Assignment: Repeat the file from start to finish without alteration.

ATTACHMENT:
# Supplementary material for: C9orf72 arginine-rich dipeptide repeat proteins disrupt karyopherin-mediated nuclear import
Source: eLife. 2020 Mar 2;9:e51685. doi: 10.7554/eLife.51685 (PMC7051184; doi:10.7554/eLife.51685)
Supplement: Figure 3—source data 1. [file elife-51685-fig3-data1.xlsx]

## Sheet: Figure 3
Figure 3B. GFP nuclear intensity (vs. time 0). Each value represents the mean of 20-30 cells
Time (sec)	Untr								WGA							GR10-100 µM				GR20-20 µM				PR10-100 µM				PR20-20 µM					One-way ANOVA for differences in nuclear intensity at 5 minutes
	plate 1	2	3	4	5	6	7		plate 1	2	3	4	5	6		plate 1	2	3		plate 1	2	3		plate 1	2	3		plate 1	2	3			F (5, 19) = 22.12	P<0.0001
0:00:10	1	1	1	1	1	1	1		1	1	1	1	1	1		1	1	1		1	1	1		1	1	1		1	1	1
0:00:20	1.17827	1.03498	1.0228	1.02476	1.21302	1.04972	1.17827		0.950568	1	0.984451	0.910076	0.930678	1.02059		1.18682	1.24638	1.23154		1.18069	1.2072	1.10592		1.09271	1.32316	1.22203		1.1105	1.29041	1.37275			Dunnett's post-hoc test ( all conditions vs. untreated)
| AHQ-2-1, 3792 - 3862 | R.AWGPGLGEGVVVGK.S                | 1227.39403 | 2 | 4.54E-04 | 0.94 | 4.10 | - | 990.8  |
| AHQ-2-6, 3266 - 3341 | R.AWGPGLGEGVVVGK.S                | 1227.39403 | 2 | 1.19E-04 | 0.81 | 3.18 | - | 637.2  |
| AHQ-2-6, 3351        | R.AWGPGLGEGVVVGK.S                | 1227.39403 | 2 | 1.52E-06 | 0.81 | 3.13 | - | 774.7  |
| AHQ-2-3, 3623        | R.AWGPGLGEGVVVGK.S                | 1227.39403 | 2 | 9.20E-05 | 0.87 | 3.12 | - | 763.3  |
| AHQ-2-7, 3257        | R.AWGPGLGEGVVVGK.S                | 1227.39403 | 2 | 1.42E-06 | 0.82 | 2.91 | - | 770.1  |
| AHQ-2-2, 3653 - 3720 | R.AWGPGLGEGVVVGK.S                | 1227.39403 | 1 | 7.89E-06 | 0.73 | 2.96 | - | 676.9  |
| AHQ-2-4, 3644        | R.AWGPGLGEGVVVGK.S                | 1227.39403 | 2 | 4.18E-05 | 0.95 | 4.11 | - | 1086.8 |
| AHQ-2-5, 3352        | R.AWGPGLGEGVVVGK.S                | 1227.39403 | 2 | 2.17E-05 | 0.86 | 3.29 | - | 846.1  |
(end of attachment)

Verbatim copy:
# Supplementary material for: C9orf72 arginine-rich dipeptide repeat proteins disrupt karyopherin-mediated nuclear import
Source: eLife. 2020 Mar 2;9:e51685. doi: 10.7554/eLife.51685 (PMC7051184; doi:10.7554/eLife.51685)
Supplement: Figure 3—source data 1. [file elife-51685-fig3-data1.xlsx]

## Sheet: Figure 3
Figure 3B. GFP nuclear intensity (vs. time 0). Each value represents the mean of 20-30 cells
Time (sec)	Untr								WGA							GR10-100 µM				GR20-20 µM				PR10-100 µM				PR20-20 µM					One-way ANOVA for differences in nuclear intensity at 5 minutes
	plate 1	2	3	4	5	6	7		plate 1	2	3	4	5	6		plate 1	2	3		plate 1	2	3		plate 1	2	3		plate 1	2	3			F (5, 19) = 22.12	P<0.0001
0:00:10	1	1	1	1	1	1	1		1	1	1	1	1	1		1	1	1		1	1	1		1	1	1		1	1	1
0:00:20	1.17827	1.03498	1.0228	1.02476	1.21302	1.04972	1.17827		0.950568	1	0.984451	0.910076	0.930678	1.02059		1.18682	1.24638	1.23154		1.18069	1.2072	1.10592		1.09271	1.32316	1.22203		1.1105	1.29041	1.37275			Dunnett's post-hoc test ( all conditions vs. untreated)
| AHQ-2-1, 3792 - 3862 | R.AWGPGLGEGVVVGK.S                | 1227.39403 | 2 | 4.54E-04 | 0.94 | 4.10 | - | 990.8  |
| AHQ-2-6, 3266 - 3341 | R.AWGPGLGEGVVVGK.S                | 1227.39403 | 2 | 1.19E-04 | 0.81 | 3.18 | - | 637.2  |
| AHQ-2-6, 3351        | R.AWGPGLGEGVVVGK.S                | 1227.39403 | 2 | 1.52E-06 | 0.81 | 3.13 | - | 774.7  |
| AHQ-2-3, 3623        | R.AWGPGLGEGVVVGK.S                | 1227.39403 | 2 | 9.20E-05 | 0.87 | 3.12 | - | 763.3  |
| AHQ-2-7, 3257        | R.AWGPGLGEGVVVGK.S                | 1227.39403 | 2 | 1.42E-06 | 0.82 | 2.91 | - | 770.1  |
| AHQ-2-2, 3653 - 3720 | R.AWGPGLGEGVVVGK.S                | 1227.39403 | 1 | 7.89E-06 | 0.73 | 2.96 | - | 676.9  |
| AHQ-2-4, 3644        | R.AWGPGLGEGVVVGK.S                | 1227.39403 | 2 | 4.18E-05 | 0.95 | 4.11 | - | 1086.8 |
| AHQ-2-5, 3352        | R.AWGPGLGEGVVVGK.S                | 1227.39403 | 2 | 2.17E-05 | 0.86 | 3.29 | - | 846.1  |